Bourbon Caramel Sauce from Bon Appetit Grilled Bananas
History - I'm a sucker for caramel. In chocolate, on ice cream, drizzled over just about any dessert. This bourbon caramel sauce came as part of a recipe from the July 2007 issue of "Bon Appetit" with grilled bananas, reminiscent of Bananas Foster. I liked the sauce so much that I started making it by itself.
The sauce is best used on warm desserts as it solidifies as it cools. On ice cream, for example, it usually is too hard to easily scoop up and mix with the ice cream. The flavor is top rate - the vanilla plus caramel plus flavoring that comes from the bourbon all work together to give the sauce something extra that sets it apart from other caramel sauces.
The original scale from the grilled bananas recipe is presented here. Usually I reduce it by a factor of three and just make the caramel portion.
Update March 23, 2010 - You definitely will want to cut the cooking time for the sauce down significantly if making a 1/3 scale batch. It usually takes me less than five minutes of boiling before it is ready. When you first start boiling, it'll foam up considerably (use a saucepan at least twice as large as you think you'll need). Stir constantly and when the foaming starts to go back down and you begin to feel a little more resistance to stirring, especially when scraping around the bottom and sides of the pan, you can stop the cooking and wind up with a sauce that is thick but still somewhat mobile. Cook it a little longer, and it'll turn solid once chilled in the fridge, almost like caramel candies from the store.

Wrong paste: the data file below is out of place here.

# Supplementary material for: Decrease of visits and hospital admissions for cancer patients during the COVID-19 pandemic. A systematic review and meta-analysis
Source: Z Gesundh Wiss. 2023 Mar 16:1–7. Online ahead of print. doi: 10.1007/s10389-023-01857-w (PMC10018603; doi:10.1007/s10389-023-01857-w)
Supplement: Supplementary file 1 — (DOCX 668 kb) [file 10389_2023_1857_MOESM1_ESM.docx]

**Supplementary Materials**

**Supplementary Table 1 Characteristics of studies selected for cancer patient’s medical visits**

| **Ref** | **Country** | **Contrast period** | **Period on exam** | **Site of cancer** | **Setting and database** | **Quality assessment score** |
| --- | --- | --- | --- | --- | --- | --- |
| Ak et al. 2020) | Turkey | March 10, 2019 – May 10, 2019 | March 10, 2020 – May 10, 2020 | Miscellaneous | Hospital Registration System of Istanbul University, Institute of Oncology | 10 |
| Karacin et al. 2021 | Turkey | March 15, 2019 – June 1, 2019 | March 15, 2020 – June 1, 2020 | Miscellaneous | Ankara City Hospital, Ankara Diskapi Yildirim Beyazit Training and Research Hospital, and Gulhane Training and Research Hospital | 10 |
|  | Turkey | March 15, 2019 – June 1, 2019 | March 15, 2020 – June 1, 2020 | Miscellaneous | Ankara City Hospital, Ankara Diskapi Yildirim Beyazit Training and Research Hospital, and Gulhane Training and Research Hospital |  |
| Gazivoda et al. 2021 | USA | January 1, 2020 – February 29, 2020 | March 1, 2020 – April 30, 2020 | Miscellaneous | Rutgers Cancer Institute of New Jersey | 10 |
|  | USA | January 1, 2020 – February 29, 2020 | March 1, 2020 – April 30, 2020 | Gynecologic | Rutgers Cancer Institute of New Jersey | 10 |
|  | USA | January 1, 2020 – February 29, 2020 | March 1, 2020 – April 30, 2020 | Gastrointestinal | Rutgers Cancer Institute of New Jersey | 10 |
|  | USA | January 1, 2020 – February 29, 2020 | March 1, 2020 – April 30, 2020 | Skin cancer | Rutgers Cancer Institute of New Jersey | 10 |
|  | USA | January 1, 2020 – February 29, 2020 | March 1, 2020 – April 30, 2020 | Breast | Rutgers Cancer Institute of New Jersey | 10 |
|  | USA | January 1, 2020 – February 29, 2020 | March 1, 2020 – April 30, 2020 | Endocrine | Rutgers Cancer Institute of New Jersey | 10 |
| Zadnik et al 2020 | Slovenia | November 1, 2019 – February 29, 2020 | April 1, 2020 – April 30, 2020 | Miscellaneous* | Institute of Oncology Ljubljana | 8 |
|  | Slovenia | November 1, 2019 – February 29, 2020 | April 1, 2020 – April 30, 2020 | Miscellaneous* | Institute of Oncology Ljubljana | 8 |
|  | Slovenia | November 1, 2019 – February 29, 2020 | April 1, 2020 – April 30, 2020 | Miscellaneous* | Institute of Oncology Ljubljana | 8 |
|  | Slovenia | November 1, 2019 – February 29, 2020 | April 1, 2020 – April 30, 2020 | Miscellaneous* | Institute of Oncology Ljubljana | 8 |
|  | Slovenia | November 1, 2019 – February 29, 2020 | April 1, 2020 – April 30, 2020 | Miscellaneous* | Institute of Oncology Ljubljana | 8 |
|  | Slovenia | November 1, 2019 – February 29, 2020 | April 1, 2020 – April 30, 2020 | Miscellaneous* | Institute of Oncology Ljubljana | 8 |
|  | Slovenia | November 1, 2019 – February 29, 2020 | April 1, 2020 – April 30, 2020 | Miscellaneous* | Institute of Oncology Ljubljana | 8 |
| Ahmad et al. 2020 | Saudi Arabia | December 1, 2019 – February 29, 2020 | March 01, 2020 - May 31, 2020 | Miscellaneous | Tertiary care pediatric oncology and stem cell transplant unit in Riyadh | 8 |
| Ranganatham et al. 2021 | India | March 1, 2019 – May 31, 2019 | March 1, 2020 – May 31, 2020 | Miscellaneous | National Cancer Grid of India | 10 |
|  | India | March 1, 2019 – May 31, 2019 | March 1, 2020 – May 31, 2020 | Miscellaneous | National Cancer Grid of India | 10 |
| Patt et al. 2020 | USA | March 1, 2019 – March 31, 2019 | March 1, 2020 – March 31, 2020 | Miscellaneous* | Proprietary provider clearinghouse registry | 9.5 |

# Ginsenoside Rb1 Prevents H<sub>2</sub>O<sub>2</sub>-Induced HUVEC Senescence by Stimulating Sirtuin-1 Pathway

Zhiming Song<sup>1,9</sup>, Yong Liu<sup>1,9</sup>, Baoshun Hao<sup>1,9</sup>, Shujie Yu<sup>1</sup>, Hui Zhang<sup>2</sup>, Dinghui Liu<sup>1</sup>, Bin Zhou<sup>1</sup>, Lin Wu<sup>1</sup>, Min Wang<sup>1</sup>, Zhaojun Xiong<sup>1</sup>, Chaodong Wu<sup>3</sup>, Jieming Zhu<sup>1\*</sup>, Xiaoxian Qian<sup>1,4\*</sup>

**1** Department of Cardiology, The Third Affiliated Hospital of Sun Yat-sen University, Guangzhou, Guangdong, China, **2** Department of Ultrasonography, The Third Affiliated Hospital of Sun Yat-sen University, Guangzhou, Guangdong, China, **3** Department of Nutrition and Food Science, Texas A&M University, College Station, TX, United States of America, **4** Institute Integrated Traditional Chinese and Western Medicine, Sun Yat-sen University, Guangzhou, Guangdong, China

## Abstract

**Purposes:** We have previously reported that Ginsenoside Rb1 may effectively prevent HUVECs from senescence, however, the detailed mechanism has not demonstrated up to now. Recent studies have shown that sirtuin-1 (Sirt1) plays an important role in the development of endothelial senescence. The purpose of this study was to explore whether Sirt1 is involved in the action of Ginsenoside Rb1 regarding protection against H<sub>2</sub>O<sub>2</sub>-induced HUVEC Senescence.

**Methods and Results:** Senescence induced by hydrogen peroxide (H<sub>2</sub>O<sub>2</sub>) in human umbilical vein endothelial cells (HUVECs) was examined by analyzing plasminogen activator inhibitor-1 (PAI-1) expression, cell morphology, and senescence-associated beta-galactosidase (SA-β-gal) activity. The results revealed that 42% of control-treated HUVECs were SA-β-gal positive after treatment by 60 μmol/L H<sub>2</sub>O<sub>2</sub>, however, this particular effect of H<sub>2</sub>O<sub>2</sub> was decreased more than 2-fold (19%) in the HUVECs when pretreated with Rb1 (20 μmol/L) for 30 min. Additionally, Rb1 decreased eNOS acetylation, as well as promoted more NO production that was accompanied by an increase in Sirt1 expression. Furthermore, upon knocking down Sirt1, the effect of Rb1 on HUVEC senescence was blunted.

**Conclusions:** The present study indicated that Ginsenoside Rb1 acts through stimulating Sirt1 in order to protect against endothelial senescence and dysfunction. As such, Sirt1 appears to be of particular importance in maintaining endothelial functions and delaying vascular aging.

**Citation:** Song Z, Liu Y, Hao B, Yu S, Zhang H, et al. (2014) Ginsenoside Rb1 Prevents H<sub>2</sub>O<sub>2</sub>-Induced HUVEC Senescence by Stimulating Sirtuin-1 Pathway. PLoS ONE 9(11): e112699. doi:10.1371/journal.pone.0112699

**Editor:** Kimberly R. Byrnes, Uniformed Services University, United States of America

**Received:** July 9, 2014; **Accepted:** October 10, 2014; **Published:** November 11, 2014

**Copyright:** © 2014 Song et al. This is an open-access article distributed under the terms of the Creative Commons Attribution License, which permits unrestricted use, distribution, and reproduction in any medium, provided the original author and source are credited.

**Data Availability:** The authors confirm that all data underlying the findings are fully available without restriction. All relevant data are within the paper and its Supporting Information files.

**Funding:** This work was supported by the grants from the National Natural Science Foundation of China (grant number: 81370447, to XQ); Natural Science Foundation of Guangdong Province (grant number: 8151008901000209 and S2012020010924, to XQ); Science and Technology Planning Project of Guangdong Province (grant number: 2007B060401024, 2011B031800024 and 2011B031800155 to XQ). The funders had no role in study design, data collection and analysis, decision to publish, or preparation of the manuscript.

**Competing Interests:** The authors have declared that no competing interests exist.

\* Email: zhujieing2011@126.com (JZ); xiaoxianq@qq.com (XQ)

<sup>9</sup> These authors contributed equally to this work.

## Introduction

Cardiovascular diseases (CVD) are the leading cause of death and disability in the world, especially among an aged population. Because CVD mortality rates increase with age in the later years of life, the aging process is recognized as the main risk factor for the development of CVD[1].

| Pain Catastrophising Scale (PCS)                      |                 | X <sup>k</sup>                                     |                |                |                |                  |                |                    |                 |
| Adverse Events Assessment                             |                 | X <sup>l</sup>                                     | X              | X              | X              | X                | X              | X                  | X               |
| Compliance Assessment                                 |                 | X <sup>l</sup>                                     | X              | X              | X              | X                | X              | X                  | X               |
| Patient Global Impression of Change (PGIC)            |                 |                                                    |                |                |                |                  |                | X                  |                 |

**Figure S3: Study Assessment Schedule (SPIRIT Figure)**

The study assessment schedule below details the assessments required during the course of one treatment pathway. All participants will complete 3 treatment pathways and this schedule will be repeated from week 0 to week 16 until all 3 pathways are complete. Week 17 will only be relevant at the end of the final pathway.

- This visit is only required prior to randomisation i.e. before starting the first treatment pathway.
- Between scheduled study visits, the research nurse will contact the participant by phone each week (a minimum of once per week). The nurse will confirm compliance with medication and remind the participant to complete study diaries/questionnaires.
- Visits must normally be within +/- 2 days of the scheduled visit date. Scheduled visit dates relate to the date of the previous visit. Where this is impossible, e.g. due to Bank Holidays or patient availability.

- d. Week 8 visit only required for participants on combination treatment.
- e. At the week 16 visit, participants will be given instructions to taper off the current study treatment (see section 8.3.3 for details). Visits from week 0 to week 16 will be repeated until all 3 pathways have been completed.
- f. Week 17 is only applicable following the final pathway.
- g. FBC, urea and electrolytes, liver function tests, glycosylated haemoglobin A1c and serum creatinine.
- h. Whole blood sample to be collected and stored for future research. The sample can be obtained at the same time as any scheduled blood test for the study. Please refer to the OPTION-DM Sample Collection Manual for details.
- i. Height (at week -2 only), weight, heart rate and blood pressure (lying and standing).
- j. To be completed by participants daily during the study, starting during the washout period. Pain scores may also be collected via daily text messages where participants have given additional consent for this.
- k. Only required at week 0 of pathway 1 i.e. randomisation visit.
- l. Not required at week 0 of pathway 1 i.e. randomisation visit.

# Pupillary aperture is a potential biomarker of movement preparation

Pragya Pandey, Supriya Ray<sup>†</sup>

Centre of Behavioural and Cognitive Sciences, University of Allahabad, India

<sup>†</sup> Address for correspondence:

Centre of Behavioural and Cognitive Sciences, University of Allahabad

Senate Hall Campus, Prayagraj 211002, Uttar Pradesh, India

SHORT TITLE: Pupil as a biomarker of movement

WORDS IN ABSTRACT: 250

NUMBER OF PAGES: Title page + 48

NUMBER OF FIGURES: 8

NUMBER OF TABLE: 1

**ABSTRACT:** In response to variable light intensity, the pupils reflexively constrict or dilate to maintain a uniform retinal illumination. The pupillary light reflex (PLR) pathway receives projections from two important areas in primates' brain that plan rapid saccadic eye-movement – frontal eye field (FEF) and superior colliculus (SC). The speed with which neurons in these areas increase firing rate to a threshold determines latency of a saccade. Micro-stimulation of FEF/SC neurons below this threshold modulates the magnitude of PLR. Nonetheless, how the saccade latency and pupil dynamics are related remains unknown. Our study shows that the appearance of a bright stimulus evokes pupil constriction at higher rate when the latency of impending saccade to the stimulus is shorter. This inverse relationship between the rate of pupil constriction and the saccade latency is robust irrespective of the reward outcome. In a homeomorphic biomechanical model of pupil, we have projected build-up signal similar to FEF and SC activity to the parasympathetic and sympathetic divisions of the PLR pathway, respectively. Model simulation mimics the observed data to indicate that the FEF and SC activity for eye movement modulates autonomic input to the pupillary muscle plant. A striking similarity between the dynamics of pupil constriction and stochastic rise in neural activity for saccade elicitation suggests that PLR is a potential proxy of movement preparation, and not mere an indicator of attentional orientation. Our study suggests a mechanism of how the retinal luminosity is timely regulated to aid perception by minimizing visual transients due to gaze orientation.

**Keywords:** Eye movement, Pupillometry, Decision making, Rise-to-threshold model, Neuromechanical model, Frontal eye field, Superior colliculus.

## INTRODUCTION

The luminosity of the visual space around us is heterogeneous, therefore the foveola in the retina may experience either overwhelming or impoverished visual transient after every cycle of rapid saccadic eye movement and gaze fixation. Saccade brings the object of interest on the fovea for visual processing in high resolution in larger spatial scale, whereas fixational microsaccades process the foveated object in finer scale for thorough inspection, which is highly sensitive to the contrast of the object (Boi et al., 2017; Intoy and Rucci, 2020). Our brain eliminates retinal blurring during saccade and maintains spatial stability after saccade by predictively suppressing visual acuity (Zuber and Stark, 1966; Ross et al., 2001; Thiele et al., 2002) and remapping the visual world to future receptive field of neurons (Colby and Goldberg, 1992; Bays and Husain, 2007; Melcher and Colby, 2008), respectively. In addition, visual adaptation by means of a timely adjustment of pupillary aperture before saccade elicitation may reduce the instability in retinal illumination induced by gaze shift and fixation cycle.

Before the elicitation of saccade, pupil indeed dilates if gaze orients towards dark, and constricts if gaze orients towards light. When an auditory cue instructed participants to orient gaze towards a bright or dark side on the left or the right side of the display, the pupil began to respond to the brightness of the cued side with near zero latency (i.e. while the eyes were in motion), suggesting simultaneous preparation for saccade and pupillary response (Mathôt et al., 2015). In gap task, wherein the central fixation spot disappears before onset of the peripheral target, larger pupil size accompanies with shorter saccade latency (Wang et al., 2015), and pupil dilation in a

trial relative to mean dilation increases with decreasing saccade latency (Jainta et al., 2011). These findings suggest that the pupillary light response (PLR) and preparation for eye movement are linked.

Rating - Roll of Honor
Instructions - Combine brown sugar, cream, butter, and honey in a heavy large saucepan. Scrape in vanilla seeds; add beans. Stir mixture over medium heat until sugar dissolves. Increase heat and bring to boil. Reduce heat to medium-low and boil gently until sauce coats spoon thickly and is reduced to 3 2/3 cups, about 25 minutes. Note - how long you cook and reduce it will determine how hard it sets up when it cools. Mix in bourbon.